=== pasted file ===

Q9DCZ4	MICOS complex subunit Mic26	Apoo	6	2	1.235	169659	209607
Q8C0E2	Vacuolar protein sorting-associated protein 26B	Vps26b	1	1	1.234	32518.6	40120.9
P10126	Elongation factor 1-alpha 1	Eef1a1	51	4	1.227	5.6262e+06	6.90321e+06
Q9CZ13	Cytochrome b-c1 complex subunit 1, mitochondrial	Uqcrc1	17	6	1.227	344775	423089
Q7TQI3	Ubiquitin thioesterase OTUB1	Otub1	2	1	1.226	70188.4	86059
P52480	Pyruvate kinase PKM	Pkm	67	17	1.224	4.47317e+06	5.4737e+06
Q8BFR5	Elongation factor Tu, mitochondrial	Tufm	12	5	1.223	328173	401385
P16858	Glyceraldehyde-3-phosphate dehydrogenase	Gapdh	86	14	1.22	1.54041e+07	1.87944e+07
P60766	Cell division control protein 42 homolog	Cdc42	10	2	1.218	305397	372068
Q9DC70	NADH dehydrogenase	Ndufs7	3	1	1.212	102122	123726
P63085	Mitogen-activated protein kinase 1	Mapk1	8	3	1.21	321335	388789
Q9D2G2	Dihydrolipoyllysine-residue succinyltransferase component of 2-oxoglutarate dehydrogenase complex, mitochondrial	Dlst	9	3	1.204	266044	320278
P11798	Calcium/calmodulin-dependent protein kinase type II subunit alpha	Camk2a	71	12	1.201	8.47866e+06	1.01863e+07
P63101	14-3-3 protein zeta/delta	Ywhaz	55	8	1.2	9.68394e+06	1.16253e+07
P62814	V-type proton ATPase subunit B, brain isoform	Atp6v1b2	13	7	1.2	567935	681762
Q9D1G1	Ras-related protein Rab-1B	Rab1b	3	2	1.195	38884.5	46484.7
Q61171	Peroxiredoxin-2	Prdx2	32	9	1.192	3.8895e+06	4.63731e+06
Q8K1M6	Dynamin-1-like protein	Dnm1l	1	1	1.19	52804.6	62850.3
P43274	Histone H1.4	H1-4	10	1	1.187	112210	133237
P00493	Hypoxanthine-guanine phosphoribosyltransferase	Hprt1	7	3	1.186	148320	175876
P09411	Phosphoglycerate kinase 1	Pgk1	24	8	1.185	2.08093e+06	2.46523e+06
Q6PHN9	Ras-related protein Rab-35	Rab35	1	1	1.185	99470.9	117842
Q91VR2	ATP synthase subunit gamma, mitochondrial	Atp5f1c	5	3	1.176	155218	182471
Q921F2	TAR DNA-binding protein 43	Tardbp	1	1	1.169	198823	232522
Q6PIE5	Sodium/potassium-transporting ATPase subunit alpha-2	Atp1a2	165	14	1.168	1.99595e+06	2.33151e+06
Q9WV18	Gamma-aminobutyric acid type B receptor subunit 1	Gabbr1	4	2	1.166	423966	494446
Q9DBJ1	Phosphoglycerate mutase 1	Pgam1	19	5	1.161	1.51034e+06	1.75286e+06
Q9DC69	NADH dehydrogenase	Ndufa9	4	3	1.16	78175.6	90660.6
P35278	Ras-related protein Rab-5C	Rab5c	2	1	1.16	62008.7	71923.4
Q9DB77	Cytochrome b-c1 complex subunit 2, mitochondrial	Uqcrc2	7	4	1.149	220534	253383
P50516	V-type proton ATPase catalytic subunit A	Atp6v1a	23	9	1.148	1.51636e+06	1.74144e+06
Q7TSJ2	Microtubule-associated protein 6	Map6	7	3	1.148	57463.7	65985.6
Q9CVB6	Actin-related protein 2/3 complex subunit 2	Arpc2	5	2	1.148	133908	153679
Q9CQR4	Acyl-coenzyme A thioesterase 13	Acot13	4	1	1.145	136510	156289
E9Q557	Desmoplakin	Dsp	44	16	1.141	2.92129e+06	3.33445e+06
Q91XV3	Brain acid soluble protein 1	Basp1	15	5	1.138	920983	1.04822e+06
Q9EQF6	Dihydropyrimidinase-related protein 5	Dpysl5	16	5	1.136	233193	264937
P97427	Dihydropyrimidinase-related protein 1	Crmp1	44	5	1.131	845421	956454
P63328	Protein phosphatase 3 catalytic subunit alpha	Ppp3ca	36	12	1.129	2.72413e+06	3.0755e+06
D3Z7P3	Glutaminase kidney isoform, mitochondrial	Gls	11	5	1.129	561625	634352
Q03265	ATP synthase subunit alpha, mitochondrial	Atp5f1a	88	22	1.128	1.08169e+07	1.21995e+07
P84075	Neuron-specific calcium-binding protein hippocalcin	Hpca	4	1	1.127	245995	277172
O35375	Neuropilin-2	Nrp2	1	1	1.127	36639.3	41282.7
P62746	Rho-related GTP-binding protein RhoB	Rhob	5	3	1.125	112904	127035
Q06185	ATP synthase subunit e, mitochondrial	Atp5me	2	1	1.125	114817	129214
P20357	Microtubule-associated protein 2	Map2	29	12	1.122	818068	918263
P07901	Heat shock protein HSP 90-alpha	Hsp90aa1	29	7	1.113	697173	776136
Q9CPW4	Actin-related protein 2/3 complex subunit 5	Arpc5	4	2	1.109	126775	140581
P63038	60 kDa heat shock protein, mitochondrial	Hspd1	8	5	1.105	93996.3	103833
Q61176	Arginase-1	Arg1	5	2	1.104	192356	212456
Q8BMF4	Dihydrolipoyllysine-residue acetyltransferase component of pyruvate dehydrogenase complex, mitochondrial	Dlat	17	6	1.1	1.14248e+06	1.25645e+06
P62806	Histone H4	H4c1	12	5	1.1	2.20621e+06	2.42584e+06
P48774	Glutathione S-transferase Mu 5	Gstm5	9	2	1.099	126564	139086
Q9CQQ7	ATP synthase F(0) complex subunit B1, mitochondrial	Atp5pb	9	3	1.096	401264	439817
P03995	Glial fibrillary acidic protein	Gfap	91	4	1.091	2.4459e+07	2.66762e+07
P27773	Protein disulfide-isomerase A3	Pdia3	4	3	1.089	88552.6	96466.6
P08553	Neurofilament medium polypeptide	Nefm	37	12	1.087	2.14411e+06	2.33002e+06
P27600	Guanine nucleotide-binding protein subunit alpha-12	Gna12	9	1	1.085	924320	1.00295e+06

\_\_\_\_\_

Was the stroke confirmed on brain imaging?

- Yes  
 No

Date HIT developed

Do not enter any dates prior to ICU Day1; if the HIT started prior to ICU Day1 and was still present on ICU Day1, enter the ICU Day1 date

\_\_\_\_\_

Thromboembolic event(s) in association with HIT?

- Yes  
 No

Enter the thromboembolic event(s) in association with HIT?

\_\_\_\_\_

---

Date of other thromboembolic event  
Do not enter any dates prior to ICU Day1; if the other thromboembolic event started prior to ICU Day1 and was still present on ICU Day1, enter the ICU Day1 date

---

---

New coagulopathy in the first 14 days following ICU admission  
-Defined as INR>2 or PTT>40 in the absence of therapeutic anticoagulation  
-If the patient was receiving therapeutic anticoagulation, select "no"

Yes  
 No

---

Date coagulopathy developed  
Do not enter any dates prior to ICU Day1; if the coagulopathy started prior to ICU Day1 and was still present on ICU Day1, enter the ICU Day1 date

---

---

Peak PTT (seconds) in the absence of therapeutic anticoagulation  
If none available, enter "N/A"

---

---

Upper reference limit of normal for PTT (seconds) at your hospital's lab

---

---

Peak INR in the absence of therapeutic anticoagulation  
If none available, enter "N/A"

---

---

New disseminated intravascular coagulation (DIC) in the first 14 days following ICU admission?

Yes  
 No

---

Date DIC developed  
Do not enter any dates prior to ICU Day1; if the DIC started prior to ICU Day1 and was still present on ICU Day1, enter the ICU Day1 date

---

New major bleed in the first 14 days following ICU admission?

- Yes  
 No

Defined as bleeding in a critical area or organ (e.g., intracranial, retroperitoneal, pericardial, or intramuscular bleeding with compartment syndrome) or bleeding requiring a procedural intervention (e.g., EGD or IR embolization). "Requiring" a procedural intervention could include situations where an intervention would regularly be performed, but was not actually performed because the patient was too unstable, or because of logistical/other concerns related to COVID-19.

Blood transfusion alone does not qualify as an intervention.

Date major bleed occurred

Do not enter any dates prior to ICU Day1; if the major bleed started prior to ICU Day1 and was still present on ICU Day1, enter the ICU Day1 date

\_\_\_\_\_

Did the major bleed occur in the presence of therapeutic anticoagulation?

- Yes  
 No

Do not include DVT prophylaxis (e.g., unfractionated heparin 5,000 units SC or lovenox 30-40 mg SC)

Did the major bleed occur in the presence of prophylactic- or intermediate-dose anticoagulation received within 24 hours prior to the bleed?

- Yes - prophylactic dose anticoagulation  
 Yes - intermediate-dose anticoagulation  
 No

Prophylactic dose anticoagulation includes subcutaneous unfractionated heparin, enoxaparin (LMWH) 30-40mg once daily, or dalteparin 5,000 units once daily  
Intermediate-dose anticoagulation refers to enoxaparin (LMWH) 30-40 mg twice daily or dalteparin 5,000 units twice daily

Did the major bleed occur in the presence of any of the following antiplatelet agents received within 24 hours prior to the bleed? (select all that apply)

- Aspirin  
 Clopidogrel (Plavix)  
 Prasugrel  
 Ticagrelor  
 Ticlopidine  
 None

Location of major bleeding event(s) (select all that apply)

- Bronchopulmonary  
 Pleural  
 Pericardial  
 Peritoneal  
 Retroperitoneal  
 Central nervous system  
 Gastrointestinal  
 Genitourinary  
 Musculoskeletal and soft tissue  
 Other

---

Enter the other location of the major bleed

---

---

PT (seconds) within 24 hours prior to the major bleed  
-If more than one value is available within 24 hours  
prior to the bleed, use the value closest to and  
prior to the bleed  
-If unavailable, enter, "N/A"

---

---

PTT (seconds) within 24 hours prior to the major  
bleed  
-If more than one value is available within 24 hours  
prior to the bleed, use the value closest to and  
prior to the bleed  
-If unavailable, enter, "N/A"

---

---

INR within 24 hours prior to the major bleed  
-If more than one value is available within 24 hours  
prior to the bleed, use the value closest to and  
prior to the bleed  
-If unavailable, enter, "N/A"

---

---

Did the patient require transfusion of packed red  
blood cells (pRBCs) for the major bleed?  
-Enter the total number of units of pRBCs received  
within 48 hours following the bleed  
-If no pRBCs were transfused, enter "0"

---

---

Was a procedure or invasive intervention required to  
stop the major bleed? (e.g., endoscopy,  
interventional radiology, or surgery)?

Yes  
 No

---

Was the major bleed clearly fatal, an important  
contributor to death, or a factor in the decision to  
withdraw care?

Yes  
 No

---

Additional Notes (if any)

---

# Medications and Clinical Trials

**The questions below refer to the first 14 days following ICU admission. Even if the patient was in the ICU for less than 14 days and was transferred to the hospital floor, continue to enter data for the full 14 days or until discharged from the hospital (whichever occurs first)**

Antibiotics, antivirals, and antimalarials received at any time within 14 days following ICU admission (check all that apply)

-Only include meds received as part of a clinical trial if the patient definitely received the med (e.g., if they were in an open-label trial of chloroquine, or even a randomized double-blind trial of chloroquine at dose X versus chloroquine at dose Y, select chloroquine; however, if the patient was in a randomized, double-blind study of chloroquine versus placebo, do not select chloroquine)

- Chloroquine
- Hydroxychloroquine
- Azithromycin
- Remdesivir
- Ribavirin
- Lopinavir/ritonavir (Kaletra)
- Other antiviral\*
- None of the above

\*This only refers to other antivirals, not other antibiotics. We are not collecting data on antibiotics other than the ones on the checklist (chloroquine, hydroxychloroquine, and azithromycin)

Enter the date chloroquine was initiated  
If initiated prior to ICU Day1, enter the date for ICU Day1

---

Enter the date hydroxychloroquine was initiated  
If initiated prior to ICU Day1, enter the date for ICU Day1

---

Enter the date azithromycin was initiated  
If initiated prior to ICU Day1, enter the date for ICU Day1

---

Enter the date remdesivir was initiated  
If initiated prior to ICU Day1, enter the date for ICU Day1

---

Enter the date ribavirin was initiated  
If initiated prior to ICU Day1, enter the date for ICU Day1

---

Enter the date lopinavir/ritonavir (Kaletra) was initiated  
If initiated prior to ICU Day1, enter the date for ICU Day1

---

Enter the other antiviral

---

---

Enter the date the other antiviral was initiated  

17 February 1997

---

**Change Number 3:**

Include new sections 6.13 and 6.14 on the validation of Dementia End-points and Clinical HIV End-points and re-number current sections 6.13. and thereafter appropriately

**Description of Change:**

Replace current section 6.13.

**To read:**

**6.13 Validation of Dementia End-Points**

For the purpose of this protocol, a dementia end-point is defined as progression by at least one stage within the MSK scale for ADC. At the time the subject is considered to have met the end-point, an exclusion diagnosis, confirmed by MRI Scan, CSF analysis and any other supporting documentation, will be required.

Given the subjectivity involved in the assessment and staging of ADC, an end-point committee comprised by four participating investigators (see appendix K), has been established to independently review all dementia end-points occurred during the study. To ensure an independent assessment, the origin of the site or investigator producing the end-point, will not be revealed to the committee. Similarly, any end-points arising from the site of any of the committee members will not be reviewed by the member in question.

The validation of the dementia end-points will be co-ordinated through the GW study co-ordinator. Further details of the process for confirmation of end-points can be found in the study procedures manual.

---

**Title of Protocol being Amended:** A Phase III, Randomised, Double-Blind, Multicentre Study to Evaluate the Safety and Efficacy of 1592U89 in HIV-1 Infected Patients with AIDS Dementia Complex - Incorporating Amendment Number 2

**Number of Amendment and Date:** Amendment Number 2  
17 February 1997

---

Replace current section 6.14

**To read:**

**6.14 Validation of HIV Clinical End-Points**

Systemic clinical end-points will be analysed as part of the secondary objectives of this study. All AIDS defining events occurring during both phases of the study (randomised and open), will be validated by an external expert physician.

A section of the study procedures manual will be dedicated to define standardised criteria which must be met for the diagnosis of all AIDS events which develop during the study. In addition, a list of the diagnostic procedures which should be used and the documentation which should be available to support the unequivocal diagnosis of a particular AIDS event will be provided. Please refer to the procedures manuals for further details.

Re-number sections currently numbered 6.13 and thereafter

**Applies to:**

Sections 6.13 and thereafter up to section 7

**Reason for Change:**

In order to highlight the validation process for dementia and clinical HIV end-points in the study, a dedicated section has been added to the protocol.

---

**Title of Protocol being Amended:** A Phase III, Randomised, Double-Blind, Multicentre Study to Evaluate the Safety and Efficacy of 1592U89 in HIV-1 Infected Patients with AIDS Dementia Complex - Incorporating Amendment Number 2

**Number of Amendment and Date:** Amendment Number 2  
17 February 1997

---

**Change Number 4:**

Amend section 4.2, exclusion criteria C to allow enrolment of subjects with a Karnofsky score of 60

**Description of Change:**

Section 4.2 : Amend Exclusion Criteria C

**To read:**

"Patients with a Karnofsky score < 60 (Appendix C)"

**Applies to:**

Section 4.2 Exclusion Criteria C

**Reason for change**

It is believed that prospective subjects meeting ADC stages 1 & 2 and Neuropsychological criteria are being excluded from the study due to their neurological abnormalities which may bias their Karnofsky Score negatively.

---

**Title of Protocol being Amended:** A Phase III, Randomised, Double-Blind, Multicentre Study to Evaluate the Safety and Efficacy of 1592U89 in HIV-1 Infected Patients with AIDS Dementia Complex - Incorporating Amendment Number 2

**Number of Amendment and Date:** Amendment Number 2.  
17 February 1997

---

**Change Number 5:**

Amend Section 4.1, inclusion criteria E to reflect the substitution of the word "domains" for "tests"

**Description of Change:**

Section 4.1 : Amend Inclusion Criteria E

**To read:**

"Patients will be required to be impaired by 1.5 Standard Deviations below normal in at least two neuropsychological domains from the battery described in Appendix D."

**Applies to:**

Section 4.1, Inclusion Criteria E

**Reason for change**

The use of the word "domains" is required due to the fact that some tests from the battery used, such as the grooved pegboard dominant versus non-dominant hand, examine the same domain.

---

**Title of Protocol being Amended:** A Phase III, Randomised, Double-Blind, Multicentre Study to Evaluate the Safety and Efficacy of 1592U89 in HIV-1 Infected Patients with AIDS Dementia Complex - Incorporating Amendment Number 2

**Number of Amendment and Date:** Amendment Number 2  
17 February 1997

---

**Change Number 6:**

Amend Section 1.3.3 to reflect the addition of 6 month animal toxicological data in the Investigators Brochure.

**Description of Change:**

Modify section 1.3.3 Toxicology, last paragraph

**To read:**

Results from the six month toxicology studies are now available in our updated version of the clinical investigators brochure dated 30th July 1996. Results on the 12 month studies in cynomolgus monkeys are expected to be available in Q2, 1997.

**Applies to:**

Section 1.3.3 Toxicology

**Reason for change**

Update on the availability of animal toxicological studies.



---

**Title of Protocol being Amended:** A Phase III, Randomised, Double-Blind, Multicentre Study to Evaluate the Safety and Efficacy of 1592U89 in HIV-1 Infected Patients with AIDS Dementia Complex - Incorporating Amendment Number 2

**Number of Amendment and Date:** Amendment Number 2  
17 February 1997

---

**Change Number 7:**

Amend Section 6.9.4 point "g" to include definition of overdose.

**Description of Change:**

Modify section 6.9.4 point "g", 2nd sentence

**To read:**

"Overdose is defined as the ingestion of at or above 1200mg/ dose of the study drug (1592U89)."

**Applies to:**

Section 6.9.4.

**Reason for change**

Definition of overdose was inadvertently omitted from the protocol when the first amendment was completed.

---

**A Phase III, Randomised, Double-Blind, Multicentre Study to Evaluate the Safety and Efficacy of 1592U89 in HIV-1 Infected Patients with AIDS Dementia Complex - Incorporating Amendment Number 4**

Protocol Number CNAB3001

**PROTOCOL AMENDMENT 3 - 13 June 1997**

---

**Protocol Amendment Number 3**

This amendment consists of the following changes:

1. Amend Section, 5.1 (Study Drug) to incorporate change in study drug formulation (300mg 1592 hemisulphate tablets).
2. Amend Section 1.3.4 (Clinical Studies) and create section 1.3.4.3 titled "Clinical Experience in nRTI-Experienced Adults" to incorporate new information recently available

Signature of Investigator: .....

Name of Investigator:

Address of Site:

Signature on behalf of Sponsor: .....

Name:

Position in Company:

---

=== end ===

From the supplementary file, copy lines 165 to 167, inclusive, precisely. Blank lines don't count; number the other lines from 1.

---

Did the patient require transfusion of packed red  
blood cells (pRBCs) for the major bleed?  